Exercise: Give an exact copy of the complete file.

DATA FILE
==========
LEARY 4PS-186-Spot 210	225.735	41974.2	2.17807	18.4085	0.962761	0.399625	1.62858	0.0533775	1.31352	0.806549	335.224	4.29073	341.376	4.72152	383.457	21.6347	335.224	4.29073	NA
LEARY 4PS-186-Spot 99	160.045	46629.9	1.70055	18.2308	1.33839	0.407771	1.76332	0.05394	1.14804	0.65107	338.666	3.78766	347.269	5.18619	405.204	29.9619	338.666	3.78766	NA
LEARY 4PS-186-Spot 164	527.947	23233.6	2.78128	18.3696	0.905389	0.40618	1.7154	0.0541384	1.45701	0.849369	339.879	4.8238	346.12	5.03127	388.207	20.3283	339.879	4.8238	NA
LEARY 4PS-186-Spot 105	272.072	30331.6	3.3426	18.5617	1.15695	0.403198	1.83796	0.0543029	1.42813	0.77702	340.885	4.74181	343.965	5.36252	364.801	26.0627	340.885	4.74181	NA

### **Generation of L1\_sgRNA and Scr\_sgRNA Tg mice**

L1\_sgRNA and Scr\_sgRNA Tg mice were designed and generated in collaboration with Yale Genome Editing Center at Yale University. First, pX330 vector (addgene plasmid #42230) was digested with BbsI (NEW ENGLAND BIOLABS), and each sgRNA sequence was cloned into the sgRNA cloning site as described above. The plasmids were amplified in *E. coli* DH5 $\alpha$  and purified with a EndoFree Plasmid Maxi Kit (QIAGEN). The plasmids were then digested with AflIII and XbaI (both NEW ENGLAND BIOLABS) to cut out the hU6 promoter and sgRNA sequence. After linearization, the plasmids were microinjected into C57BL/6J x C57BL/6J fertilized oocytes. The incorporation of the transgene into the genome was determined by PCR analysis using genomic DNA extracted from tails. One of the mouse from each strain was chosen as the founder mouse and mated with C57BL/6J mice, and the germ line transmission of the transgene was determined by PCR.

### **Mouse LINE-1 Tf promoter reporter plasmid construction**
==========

LEARY 4PS-186-Spot 210	225.735	41974.2	2.17807	18.4085	0.962761	0.399625	1.62858	0.0533775	1.31352	0.806549	335.224	4.29073	341.376	4.72152	383.457	21.6347	335.224	4.29073	NA
LEARY 4PS-186-Spot 99	160.045	46629.9	1.70055	18.2308	1.33839	0.407771	1.76332	0.05394	1.14804	0.65107	338.666	3.78766	347.269	5.18619	405.204	29.9619	338.666	3.78766	NA
LEARY 4PS-186-Spot 164	527.947	23233.6	2.78128	18.3696	0.905389	0.40618	1.7154	0.0541384	1.45701	0.849369	339.879	4.8238	346.12	5.03127	388.207	20.3283	339.879	4.8238	NA
LEARY 4PS-186-Spot 105	272.072	30331.6	3.3426	18.5617	1.15695	0.403198	1.83796	0.0543029	1.42813	0.77702	340.885	4.74181	343.965	5.36252	364.801	26.0627	340.885	4.74181	NA

### **Generation of L1\_sgRNA and Scr\_sgRNA Tg mice**

L1\_sgRNA and Scr\_sgRNA Tg mice were designed and generated in collaboration with Yale Genome Editing Center at Yale University. First, pX330 vector (addgene plasmid #42230) was digested with BbsI (NEW ENGLAND BIOLABS), and each sgRNA sequence was cloned into the sgRNA cloning site as described above. The plasmids were amplified in *E. coli* DH5 $\alpha$  and purified with a EndoFree Plasmid Maxi Kit (QIAGEN). The plasmids were then digested with AflIII and XbaI (both NEW ENGLAND BIOLABS) to cut out the hU6 promoter and sgRNA sequence. After linearization, the plasmids were microinjected into C57BL/6J x C57BL/6J fertilized oocytes. The incorporation of the transgene into the genome was determined by PCR analysis using genomic DNA extracted from tails. One of the mouse from each strain was chosen as the founder mouse and mated with C57BL/6J mice, and the germ line transmission of the transgene was determined by PCR.

### **Mouse LINE-1 Tf promoter reporter plasmid construction**